Under the Design of Public Spaces Standard of the AODA, cities and other organizations building or redeveloping outdoor public use eating areas must make those areas accessible to visitors with disabilities. Rules for accessible outdoor public use eating areas apply to private organizations with fifty or more workers and to all public sector organizations.
Accessible Outdoor Public Use Eating Areas
Outdoor public use eating areas include picnic grounds and outdoor tables in public parks, hospitals, and universities. Outdoor food courts in resorts and amusement parks also need to be accessible. Organizations that build outdoor eating areas for public use must make at least twenty percent of their tables accessible. Furthermore, organizations with nine or fewer tables must make at least one table accessible.
Minimum Requirements for Accessible Tables
The ground surface on the way to accessible tables must be firm and stable so that canes, crutches, or the wheels of mobility devices will not sink into it. Surfaces must also be level, without slopes. The same rules apply to the ground surface under accessible tables. Moreover, there must be room around tables for visitors using mobility devices to travel forward to their tables, instead of having to approach them without facing them. In addition, tables must have knee and toe clearance so that visitors using mobility devices such as wheelchairs or scooters can sit comfortably at the tables.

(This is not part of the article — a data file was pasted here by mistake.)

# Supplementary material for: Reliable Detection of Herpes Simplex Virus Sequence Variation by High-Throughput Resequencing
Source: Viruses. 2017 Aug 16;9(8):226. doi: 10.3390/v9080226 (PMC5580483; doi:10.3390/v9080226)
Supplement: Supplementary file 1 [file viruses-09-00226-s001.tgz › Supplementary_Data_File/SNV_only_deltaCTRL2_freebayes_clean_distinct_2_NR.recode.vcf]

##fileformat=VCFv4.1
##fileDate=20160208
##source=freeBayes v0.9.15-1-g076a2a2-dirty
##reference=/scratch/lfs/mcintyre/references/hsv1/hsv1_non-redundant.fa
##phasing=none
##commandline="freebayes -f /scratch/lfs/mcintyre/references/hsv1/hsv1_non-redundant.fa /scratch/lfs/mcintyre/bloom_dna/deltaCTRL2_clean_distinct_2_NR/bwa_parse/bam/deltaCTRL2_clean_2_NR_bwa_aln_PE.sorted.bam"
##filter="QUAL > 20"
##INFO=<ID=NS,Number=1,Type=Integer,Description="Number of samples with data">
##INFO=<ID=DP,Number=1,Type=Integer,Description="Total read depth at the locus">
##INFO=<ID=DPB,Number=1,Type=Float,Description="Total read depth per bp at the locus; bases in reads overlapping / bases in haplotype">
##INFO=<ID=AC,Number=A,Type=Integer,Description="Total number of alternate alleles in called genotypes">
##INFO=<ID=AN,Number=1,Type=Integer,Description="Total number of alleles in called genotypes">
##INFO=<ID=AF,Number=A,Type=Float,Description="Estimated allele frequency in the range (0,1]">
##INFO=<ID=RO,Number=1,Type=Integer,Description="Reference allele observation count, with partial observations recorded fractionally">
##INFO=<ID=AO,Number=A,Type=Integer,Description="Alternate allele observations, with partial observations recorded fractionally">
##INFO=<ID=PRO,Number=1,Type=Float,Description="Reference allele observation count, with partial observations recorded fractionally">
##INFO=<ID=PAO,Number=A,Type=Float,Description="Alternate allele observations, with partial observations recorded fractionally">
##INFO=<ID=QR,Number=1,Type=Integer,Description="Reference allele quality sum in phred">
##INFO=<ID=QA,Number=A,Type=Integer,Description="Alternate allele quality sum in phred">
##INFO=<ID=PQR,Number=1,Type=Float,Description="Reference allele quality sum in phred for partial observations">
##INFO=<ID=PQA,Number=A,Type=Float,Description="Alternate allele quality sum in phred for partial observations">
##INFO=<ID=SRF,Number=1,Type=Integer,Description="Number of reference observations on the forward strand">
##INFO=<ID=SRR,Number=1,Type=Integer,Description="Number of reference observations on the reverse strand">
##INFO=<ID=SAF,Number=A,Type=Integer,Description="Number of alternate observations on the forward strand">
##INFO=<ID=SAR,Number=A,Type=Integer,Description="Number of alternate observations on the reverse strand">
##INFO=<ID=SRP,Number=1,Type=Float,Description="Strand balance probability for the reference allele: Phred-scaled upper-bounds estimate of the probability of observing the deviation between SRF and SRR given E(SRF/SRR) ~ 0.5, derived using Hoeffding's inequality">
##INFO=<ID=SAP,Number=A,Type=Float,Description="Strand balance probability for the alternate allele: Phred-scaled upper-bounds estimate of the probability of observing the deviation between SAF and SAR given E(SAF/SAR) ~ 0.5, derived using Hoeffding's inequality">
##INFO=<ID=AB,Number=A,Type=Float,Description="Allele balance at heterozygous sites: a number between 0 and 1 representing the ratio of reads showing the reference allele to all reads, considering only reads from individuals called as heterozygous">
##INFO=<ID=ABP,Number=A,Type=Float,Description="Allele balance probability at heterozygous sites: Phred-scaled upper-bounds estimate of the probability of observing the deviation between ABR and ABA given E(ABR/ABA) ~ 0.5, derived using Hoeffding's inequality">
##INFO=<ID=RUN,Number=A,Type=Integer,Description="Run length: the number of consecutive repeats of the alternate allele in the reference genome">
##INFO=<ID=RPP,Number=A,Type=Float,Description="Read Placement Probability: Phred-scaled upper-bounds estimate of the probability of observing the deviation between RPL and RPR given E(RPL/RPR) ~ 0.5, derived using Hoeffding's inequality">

More can be Done
These rules are the minimum guidelines organizations must follow to provide accessible eating areas. However, organizations may increase the accessibility of their eating areas if they wish to do so. They can start by applying the surface rules to their entire areas, not just accessible sections. Additionally, they may also want to invest in more accessible tables. If they later choose to expand their eating areas, the number of accessible tables they need will increase. Finally, organizations may wish to install tables at heights that are most convenient for visitors using mobility devices.
Why do we Need Accessible Outdoor Public Use Eating Areas?
Accessible outdoor public use eating areas make organizations from hospitals to theme parks more inclusive to visitors with disabilities. Likewise, organizations making accessibility a priority become more welcoming to families, friends, and colleagues of visitors with disabilities. Inclusiveness means that people can all eat together.